It’s not enough to tell little girls they can be just like Ruth Bader Ginsburg or Kamala Harris when they grow up. We also have to tell little boys that being a great father and supportive husband, like Marty Ginsburg and Doug Emhoff, is noble, admirable — masculine.
And remember — if you’re an adult, don’t use the word “help.” You’re not helping her with “her” responsibilities. You’re pulling your own damn weight. This is the same hidden dagger as calling parenting ‘babysitting’ when dads “pitch in” and do what moms are expected to. They’re not temporarily relieving their female partners of their full-time maternal obligation; they’re fulfilling their paternal obligation.
Don’t ask her if she needs “help” in lieu of keeping tabs on dishes, laundry, lightbulbs, trash, grocery shopping, etc. yourself. YOU need to know what needs to be done too. She is not your project manager. Scan the horizon and take initiative. It’s not her responsibility to give you a honey-do list which too many men then turn around and complain about. If you resent your partner for being a “nag” ask yourself what it is she’s nagging you about. Chances are, it’s things she shouldn’t have to ask you to do.
Sometimes, rather than start a fight, women will say, Could you help me with ____? Because it’s nicer than, Will you fucking do your Goddamned share around here for once?? But gentlemen, it’s your responsibility to prevent this point of no return. Don’t neglect your 50%. Don’t take advantage of her desire to keep the peace. Don’t coast until she snaps.*
The emotional labor of having to explain the division of household labor compounds the stress.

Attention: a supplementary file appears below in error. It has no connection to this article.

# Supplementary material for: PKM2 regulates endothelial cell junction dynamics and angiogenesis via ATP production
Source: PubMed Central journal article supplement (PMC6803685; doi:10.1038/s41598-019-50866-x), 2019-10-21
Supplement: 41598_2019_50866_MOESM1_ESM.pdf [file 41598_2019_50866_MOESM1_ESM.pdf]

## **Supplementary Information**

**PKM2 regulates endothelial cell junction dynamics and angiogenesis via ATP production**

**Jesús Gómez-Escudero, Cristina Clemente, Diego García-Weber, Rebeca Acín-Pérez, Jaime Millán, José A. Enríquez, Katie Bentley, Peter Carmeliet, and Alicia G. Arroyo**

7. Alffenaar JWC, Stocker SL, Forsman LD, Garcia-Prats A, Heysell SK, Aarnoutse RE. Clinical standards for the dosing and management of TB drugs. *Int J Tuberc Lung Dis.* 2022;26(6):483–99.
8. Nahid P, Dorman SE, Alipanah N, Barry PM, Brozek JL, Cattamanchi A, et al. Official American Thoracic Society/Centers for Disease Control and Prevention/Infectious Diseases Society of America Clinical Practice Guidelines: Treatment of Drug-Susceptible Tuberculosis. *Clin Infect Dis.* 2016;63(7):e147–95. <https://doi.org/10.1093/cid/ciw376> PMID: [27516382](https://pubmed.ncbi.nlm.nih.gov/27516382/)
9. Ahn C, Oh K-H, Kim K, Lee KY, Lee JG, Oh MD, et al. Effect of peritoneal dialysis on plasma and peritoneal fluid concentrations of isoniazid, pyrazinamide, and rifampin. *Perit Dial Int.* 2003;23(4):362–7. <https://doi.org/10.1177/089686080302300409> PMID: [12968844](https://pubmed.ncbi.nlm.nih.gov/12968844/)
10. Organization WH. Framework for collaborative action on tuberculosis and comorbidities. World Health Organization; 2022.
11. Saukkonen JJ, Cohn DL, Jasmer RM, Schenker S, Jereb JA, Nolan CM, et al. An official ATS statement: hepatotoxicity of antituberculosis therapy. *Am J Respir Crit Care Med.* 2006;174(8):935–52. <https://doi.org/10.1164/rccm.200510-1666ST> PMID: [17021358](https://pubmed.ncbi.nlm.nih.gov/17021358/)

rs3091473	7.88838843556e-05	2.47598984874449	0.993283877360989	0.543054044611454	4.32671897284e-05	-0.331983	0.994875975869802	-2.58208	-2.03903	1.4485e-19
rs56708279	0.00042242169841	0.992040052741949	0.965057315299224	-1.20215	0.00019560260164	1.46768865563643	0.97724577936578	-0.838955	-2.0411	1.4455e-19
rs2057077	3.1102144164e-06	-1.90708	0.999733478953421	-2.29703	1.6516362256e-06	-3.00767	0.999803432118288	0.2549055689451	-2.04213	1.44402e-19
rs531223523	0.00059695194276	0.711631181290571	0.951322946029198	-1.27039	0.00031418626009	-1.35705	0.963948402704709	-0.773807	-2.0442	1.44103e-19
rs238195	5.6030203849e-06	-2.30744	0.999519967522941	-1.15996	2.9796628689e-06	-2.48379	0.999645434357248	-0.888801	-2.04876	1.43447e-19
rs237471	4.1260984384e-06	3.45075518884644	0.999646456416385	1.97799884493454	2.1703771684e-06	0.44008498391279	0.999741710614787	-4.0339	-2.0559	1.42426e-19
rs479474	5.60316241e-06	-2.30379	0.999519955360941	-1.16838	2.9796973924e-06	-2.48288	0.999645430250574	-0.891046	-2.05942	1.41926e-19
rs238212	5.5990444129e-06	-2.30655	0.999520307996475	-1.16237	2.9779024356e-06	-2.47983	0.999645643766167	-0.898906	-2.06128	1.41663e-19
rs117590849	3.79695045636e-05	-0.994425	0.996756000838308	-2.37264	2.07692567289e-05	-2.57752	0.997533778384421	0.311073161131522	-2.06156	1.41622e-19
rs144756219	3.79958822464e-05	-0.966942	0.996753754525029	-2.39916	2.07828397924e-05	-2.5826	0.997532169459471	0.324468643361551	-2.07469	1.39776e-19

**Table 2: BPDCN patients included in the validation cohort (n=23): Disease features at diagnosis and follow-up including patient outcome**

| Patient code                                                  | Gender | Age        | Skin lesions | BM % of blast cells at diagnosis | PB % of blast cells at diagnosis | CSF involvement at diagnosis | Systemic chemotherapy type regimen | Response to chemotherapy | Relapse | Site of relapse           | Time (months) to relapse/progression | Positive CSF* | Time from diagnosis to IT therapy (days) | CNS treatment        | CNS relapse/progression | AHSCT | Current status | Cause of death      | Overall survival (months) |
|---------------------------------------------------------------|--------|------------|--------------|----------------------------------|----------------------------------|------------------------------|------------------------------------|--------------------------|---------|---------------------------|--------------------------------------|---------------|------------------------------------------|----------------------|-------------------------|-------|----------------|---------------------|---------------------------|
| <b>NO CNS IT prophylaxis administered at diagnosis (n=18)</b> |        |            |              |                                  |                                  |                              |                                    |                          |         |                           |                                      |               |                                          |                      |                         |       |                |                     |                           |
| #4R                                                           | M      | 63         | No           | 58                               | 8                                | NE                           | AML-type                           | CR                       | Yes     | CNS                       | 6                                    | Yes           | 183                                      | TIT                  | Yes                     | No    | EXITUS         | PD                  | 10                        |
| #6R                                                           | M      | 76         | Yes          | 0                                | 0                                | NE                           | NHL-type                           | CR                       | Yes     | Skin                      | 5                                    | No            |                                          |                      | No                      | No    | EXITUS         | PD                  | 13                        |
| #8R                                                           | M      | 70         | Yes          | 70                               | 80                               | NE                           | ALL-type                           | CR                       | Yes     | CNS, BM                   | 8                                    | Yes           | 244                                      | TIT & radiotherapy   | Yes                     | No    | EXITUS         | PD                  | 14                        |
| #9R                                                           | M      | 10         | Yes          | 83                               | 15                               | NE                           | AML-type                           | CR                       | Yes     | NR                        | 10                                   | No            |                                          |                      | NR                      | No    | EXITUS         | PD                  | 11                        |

That’s not to say that couples won’t disagree and argue about personal preferences like how tidy or how relaxed the household should be. That is an interpersonal conversation without absolute right or wrong answers. You have to navigate that as a couple.
But the absolutes? Food? Dishes? Laundry? Knowing when the bills are due and paying them on time? You have to eat to survive. And in this society, we have to maintain a modicum of hygiene. These basics are constant and they’re non-negotiable.
Women are constantly advocating for ourselves in the world and in the workforce. Please don’t make us have to politically advocate for ourselves at home with you too. We’re tired after work too.
Unless you have mutually agreed that one person delegates, both parties need to take initiative and stay on top of everything that needs to be done in this shared life you’re doing together.
Put music or a podcast on. Divide the chores in the way that makes the most sense for your schedules, your relationship and your preferences where you can. Collaborate on things you can do together.
No one loves chores. But not everyone can afford to outsource them. Don’t assume the woman you love is your de facto maid, chef, personal assistant and child chauffer.
We want to add to our professional options. And that means you have to add to your household responsibilities.
Let’s do this together.
*But honestly, men who aren’t pulling their own weight deserve an explosion. Grow up.